German scientists have learned to use Wi-Fi to scan space

The total spread of Wi-Fi devices has led to the fact that we and everything that surrounds us is literally shrouded in an invisible "blanket" of signals emitted by them. Researchers at the Technical University of Munich decided that such "good" should not be wasted, since it can be successfully used to create three-dimensional images of space.

Like any microwave radiation, signals from routers are reflected from people and surrounding objects. According to the director of the research group at the University of Munich, Reinhard Friedemann, if you learn to catch these reflected signals, you can track the movement of objects and create three-dimensional images of the space around the Wi-Fi point.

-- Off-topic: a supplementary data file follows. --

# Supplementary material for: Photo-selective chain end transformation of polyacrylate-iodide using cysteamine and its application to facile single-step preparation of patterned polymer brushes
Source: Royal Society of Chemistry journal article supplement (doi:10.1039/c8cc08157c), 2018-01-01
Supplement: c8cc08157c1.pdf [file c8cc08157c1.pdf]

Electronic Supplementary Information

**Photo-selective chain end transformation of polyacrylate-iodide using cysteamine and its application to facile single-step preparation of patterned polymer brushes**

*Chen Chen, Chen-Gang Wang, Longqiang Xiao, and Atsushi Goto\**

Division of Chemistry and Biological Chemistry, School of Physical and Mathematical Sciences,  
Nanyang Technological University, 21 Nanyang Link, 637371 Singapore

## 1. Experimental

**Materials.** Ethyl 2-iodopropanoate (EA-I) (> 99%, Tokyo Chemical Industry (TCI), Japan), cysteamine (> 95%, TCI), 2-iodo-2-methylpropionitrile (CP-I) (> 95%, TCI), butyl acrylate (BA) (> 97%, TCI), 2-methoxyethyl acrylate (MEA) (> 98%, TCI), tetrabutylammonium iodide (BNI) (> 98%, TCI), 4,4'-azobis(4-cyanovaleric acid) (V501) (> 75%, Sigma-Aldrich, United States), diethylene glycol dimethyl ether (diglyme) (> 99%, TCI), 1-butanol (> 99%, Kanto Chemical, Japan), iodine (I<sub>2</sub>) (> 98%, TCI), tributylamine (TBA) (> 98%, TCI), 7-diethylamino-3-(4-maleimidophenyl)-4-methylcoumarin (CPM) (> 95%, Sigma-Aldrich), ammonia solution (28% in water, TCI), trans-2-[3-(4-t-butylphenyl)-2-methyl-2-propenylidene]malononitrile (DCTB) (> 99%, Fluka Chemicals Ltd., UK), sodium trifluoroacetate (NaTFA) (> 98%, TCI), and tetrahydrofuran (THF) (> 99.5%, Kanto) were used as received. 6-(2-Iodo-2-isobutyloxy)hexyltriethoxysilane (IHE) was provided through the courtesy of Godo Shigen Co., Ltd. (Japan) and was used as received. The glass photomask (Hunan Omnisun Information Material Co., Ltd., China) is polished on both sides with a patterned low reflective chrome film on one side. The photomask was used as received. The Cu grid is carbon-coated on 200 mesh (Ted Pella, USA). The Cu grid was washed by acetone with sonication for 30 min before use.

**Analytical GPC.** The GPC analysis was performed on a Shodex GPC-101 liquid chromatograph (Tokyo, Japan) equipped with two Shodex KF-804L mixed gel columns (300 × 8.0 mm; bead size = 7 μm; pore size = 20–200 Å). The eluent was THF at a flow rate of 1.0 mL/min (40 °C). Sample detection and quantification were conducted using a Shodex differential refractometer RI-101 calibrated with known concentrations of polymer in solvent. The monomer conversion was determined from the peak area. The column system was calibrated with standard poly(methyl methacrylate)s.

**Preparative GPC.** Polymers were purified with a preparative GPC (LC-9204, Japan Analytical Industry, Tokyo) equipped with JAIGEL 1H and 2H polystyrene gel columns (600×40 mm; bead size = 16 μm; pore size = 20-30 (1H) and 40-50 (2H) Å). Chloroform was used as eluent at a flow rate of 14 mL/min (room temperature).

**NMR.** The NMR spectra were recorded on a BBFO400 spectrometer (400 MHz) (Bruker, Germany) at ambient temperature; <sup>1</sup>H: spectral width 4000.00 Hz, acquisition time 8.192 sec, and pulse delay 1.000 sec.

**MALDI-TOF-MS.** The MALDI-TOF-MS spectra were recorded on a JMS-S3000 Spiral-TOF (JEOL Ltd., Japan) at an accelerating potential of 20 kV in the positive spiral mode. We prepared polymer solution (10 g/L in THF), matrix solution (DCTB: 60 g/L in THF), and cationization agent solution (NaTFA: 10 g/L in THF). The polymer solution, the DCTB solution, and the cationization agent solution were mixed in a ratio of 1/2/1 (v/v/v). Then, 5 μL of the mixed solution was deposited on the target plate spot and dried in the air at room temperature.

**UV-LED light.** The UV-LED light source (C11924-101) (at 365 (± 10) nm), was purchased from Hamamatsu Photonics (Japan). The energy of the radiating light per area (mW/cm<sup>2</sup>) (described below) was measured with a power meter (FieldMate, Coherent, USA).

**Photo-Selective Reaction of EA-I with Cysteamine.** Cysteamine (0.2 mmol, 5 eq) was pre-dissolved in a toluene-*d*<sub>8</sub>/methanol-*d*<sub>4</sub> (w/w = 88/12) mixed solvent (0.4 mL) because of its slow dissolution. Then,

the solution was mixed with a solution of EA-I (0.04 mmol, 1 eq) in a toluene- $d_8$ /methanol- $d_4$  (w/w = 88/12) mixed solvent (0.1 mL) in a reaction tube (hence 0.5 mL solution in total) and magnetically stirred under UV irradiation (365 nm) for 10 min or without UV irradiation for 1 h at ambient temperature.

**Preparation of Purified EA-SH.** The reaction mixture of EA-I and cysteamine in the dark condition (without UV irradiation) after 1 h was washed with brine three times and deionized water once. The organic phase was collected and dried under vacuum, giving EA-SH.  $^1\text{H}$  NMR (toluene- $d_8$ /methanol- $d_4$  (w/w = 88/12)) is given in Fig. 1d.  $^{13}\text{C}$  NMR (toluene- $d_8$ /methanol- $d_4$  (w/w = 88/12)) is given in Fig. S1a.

Similar technologies have already been used to create devices that "see" through walls, capable of distinguishing human figures and determining their number. Scientists from Munich have gone further by learning how to generate a complete 3D image of the space of a room or even a building using Wi-Fi and cellular signals.

The system requires one fixed and one mobile antenna to function. However, researcher Philip Hall argues that the mobile antenna can be replaced with several conventional ones.

In the future, this technology will help in the creation of devices used to search for lost things, as well as victims, trapped under avalanches and ruins of buildings.